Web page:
Homestead

Farm to workplace: CSAs get hyper local

Posted July 02, 2016, at 9:09 a.m.
Last modified July 02, 2016, at 2:21 p.m.

PORTLAND, Maine — A truck pulls up to Maine Medical Center, and stethoscope-draped employees in white coats grab boxes. Contained within, a farm-fresh bounty of rhubarb, strawberries, peas and mushrooms awaits. This new workplace farm share from Lakeside Family Farm in Newport makes it easy for office workers across the state to eat local and healthy.

“They walk out office doors, go home and cook vegetables. It’s convenient for people that find home gardens too much trouble or are too busy to go to farmers markets and just want to walk out the door,” said Sarah Redfield, owner of Lakeside Family Farm, which launched the new weekly service in Portland on the last day in June.

Delivering fresh produce to employees where they work, from a hospital in Biddeford to The Jackson Laboratory in Bar Harbor to The Maine Mall, and extending the bounty to food pantries, the concept closes the loop on healthy living and working.

The share, which includes fresh, seasonal food from up to six farms across the state, is offered for the first time this year at Maine Medical Center. So far 90 employees have signed up.

“We are a health care organization. This is just one small part of it. Serving fresher, high-quality food for employees and visitors comes full circle. It promotes health,” said Kevin O’Connor, the hospital’s director of nutrition and food services, who has been working with Redfield for more than a year to increase food options for employees.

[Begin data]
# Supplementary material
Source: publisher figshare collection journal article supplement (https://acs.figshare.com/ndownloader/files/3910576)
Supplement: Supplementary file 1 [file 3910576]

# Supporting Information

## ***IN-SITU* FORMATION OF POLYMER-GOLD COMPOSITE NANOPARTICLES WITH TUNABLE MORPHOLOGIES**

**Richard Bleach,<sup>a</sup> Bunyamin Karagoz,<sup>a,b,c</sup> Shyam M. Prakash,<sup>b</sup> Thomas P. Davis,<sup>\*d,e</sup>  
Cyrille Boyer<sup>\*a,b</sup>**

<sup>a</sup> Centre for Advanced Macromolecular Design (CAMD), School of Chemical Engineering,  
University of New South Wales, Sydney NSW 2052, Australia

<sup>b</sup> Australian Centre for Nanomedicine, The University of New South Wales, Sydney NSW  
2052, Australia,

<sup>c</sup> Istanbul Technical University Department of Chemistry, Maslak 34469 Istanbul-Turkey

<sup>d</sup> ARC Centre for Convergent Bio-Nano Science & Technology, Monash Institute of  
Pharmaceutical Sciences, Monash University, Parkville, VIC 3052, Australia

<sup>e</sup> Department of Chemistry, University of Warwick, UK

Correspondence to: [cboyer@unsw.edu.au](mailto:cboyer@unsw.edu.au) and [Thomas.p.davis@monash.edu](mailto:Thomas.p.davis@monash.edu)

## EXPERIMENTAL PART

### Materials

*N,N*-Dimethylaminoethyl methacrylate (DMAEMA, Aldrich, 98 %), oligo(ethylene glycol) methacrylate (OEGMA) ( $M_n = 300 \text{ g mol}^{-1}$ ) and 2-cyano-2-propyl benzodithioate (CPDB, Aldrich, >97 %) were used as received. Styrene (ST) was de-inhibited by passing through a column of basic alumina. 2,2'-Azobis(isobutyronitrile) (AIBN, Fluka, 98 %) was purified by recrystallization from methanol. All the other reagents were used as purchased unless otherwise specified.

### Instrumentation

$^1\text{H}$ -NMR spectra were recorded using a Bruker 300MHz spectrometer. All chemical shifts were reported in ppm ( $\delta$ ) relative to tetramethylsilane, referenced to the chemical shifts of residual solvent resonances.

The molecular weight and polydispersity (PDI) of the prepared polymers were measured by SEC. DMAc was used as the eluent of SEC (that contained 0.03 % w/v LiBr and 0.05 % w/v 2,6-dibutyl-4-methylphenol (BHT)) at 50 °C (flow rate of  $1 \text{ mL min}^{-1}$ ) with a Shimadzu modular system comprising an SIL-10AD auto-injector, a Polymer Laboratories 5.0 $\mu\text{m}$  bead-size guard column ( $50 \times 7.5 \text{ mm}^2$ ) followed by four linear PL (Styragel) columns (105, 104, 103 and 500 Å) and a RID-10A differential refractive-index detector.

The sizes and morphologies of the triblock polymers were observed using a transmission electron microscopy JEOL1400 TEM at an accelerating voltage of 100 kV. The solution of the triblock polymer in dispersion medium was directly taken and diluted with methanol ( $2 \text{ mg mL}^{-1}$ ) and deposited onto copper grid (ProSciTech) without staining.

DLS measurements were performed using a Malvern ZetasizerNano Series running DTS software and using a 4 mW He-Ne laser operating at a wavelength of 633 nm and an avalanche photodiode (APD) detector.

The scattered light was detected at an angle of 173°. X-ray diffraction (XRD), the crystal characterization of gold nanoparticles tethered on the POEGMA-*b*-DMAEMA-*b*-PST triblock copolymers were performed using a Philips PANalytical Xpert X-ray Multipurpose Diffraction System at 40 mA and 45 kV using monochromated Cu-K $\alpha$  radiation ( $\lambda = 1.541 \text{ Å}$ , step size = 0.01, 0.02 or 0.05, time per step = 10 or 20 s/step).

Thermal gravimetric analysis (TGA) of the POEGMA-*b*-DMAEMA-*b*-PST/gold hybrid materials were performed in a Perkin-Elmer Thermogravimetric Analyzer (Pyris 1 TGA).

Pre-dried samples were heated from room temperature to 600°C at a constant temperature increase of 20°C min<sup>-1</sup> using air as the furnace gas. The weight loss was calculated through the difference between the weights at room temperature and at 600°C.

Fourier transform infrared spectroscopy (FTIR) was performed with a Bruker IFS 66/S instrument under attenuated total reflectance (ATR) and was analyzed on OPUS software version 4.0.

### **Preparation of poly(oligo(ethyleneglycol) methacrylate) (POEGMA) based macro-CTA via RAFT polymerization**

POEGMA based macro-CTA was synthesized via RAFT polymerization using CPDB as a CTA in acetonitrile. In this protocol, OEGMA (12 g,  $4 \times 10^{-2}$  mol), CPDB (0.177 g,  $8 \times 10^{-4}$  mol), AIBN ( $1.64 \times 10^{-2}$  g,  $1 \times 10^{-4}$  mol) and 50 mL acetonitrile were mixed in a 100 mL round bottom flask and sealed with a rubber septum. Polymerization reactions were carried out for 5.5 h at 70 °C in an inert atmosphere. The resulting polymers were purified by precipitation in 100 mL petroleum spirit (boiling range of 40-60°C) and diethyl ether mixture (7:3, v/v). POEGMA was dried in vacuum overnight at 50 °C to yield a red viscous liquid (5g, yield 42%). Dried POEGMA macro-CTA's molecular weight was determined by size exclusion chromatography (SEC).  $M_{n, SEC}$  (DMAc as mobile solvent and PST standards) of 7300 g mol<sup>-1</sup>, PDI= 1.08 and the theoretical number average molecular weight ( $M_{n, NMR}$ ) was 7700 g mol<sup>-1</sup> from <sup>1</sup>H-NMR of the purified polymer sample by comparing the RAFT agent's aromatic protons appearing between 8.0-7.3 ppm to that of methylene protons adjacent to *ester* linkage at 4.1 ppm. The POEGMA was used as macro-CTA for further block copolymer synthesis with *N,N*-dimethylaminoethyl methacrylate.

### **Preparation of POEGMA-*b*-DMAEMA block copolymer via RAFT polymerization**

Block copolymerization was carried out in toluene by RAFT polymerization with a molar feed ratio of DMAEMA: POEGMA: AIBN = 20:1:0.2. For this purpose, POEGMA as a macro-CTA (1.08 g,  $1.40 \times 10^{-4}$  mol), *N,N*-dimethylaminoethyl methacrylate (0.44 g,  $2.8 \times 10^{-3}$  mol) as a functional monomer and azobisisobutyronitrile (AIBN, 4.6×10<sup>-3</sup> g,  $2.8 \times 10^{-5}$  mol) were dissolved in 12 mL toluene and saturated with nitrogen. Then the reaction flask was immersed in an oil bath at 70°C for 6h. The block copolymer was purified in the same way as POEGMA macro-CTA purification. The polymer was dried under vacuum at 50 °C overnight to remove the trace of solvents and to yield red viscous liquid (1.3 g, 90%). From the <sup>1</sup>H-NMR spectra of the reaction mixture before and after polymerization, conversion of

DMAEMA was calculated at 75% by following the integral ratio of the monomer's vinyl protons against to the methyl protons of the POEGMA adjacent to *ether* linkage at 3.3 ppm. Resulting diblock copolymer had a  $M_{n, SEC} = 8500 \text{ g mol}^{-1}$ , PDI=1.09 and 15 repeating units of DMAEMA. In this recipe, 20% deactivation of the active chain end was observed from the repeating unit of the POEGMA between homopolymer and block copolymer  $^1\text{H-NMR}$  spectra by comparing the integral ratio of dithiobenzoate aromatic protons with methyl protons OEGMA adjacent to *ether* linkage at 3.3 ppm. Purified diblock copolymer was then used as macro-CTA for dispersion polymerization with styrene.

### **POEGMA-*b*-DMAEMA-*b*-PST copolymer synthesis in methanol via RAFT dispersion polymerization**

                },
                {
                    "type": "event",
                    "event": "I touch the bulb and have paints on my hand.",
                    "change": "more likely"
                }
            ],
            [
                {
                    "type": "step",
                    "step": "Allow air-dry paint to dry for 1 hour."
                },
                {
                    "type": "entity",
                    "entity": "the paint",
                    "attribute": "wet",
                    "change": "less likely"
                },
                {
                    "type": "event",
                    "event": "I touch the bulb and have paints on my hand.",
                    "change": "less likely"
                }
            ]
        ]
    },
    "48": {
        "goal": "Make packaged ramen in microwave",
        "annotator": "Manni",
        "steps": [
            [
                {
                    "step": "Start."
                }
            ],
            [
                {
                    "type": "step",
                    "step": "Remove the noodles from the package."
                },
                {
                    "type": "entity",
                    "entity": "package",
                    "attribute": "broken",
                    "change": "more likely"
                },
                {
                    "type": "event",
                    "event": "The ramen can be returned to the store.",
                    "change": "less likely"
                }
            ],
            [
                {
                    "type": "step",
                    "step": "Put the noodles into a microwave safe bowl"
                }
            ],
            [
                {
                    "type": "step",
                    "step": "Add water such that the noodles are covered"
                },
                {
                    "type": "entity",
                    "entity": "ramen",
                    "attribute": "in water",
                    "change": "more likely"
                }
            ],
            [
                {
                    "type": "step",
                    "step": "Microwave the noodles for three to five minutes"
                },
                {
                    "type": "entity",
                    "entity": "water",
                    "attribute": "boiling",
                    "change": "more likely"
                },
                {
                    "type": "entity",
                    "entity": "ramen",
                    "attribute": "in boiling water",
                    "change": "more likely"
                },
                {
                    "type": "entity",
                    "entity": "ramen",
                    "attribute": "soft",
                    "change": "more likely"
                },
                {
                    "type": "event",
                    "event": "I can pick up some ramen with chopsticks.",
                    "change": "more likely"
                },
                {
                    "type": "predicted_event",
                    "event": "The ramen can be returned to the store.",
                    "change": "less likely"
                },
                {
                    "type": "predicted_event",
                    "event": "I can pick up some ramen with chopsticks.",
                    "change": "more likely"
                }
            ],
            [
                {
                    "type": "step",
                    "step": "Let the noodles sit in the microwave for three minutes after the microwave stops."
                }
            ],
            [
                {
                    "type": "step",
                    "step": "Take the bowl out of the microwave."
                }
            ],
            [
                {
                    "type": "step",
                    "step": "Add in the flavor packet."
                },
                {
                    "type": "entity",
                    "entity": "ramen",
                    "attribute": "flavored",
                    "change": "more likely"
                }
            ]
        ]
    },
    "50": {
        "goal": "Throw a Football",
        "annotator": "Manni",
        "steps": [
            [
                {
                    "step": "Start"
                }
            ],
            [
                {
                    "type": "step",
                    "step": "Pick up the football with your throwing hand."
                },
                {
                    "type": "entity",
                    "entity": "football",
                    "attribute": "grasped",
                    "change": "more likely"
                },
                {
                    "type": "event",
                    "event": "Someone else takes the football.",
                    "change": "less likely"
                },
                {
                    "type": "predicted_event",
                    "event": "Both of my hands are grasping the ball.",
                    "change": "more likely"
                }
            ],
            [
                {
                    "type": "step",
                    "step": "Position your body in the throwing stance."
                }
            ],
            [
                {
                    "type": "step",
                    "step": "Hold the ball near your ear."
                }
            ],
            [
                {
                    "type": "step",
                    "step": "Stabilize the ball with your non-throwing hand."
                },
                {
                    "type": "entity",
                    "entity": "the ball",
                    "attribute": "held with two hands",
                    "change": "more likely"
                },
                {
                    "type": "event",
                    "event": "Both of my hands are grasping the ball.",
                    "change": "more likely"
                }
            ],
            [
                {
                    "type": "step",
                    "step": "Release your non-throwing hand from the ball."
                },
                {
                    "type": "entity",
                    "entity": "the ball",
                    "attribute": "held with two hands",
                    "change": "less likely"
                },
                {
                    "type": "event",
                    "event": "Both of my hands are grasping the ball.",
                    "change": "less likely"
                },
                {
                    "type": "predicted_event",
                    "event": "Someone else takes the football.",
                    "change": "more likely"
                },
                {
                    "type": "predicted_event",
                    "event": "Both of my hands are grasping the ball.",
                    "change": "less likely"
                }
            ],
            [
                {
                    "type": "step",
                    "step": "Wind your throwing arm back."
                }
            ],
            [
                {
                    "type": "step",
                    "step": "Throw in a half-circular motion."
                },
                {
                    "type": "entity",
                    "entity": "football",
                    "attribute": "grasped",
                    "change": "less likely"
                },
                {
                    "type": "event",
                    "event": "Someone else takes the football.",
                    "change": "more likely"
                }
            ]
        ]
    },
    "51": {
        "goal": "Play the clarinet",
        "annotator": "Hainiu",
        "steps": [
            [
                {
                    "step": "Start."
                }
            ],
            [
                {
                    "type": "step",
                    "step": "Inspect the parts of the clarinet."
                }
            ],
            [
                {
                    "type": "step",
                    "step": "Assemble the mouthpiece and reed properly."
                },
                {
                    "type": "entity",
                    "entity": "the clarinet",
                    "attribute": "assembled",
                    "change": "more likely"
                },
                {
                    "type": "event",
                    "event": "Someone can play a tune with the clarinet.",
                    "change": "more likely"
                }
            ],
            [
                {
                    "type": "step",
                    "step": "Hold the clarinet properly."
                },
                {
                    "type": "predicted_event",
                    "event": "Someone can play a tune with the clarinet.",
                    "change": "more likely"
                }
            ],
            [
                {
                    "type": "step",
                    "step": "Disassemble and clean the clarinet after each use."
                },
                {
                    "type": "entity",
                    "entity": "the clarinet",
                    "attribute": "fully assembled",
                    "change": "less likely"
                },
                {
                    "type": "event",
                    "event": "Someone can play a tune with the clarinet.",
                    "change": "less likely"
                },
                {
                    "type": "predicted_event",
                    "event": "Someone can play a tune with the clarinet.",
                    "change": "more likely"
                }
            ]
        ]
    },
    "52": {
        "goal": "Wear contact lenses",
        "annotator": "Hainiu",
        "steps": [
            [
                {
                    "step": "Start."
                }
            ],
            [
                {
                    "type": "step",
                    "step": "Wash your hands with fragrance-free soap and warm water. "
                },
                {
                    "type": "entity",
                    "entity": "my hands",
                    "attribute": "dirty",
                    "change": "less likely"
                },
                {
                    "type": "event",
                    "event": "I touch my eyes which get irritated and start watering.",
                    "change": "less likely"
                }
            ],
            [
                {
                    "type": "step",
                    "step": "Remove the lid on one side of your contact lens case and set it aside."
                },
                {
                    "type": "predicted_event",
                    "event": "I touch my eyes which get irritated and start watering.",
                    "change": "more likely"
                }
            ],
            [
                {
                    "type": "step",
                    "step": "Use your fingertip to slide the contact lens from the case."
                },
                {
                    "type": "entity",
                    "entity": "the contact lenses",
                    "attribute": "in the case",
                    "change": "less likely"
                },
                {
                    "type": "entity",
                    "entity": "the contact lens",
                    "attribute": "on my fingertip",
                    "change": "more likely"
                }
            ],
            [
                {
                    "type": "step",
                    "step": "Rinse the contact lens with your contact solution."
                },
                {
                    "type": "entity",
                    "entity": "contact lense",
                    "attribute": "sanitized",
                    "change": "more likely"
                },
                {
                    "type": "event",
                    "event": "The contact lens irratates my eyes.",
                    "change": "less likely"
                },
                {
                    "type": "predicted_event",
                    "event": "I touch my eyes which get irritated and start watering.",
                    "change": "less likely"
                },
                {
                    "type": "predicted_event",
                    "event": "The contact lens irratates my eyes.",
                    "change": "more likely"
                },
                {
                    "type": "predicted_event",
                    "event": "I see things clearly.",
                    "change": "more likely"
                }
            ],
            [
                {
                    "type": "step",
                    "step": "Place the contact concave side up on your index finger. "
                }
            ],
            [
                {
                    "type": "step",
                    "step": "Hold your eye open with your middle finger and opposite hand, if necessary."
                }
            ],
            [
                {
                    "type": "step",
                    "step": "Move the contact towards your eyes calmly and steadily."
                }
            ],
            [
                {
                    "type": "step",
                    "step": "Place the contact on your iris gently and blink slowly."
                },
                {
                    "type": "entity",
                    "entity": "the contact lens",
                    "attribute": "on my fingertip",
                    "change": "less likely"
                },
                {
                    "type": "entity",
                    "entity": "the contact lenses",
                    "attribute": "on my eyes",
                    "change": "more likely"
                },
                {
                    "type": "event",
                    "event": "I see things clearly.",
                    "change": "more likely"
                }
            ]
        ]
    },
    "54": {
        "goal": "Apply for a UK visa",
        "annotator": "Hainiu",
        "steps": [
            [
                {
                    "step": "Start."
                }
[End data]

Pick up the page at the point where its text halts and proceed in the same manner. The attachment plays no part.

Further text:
This summer Maine Medical will feature produce from the farm share box in the hospital’s Impression Cafe.

“It’s really the right thing to do,” said O’Connor, who hopes the connection will trickle down to patients and customers to increase the 18 percent local food ratio in Maine’s largest hospital. “We would love to do more and buy from Maine farms as opposed to California.”

Not only does eating local boost the food economy and lower food miles, it increases productivity at work.

“The healthier you are, the less work you are going to miss. Companies save money by not having employees go to the doctor for diabetes, obesity [or] overweight complications,” O’Connor said.

On Thursday afternoon, as a handful of hospital staff eyed the juicy, jewel-like strawberries bursting from their loaded cardboard boxes, excitement was in the air. “It’s like candy,” hospital cafeteria manager Roland Gosselin said, popping a ruby berry into his mouth with glee. “It’s like night and day from the store.”

Why did it take so long for this invention to dawn? Distribution has always held rural farmers back from spreading their bounty. But transportation has not been an issue for this fourth-generation vegetable farm in Central Maine run by agriculture elder statesman Stewart Smith.